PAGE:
Supreme Administrative Court to Set Precedent in Niqab Cases

Press Release

29 January 2006

The Egyptian Initiative for Personal Rights (EIPR) today welcomed the decision of the Supreme Administrative Court (the Court) to refer the issue of women's freedom to don the niqab (face veil) in public places to the Court's Chamber of Uniform Principles.

The Court has been considering two niqab-related cases over the past five years: one against the American University in Cairo (AUC) and others (Case number 3219/48) and the other against the Judges' Club in Alexandria and others (Case number 6572/45). On 28 January 2006 the Court decided to refer the AUC case to the Chamber of Uniform Principles to resolve the conflict between previous judicial rulings regarding the freedom to wear the niqab in public and to set a morally-binding precedent on the matter. The Chamber will hear the case on 11 February 2006.

At the same session the Court also decided to postpone the pronouncement of its ruling in the case against the Judges' Club until 29 April 2006, pending the Chamber of Uniform Principles' decision on the general matter.

"Setting a judicial precedent regarding women's right to choose their dress code freely and the power of public or private institutions in restricting this right is a positive and much-needed step," said Hossam Bahgat, Director of the Egyptian Initiative for Personal Rights. "We are hopeful that the Court will rule to support women's rights to privacy, freedom of belief and non-discrimination, as guaranteed by Egypt's Constitution and international human rights law."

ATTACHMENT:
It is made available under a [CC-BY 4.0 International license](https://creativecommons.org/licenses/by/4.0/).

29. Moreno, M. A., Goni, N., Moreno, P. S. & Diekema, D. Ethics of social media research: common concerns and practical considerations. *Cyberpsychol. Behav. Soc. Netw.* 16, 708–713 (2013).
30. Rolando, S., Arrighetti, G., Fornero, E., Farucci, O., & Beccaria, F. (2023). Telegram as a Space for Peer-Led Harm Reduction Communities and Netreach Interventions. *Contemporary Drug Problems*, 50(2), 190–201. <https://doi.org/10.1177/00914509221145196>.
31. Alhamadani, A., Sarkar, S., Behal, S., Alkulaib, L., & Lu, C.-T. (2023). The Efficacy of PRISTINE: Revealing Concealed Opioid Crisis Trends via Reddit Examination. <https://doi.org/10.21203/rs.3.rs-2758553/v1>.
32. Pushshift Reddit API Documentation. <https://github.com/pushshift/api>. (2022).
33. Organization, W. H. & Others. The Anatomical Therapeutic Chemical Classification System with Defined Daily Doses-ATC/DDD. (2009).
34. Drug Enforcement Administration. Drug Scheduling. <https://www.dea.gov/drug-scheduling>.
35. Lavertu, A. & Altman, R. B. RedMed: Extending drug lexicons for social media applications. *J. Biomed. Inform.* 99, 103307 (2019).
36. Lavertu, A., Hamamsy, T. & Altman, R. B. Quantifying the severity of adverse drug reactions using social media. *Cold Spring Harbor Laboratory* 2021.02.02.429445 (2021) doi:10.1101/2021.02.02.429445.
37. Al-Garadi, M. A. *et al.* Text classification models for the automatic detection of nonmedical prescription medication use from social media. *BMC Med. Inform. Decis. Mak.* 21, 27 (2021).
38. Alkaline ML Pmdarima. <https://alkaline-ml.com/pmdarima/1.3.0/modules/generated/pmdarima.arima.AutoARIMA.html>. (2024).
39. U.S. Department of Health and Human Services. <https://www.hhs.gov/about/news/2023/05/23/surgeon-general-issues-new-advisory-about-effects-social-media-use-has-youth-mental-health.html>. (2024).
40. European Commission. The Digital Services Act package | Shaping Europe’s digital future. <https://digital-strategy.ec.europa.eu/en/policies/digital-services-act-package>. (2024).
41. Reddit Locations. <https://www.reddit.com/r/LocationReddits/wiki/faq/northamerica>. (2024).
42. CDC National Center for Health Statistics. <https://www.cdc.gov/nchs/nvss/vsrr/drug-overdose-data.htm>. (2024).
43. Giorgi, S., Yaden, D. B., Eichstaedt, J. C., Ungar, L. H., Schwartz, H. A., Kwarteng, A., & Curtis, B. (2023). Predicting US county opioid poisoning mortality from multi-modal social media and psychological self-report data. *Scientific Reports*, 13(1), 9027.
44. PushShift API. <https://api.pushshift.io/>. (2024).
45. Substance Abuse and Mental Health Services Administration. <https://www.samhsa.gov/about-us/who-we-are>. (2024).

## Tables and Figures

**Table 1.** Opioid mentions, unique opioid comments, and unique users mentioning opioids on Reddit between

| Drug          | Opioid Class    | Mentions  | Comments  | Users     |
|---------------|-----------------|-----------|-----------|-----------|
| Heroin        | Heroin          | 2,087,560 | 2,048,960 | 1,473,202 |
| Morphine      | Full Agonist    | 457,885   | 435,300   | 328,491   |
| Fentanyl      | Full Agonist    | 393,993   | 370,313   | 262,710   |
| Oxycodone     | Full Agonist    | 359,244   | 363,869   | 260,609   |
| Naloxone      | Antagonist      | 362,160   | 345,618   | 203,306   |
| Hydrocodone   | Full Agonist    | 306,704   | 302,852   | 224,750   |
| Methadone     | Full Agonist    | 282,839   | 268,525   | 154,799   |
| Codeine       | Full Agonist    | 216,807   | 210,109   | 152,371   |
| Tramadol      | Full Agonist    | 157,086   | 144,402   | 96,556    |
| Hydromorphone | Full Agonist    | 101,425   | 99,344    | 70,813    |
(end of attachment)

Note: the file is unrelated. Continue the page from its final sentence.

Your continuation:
Lawyers of the EIPR's Right to Privacy Program had intervened before the Supreme Administrative Court on behalf of a member of the Judge's Club in Alexandria who was denied access to the social club because she dons a niqab.  On 12 February 2005 EIPR lawyers submitted a brief to the Court on the Egyptian government's legal obligations under international law to protect women's freedom to wear the niqab.  The brief summarized the government's obligations under the International Covenant of Civil and Political Rights to protect the applicant's right to privacy, freedom of belief and non-discrimination. These obligations apply, the EIPR argued, even when violations are committed by a non-state party.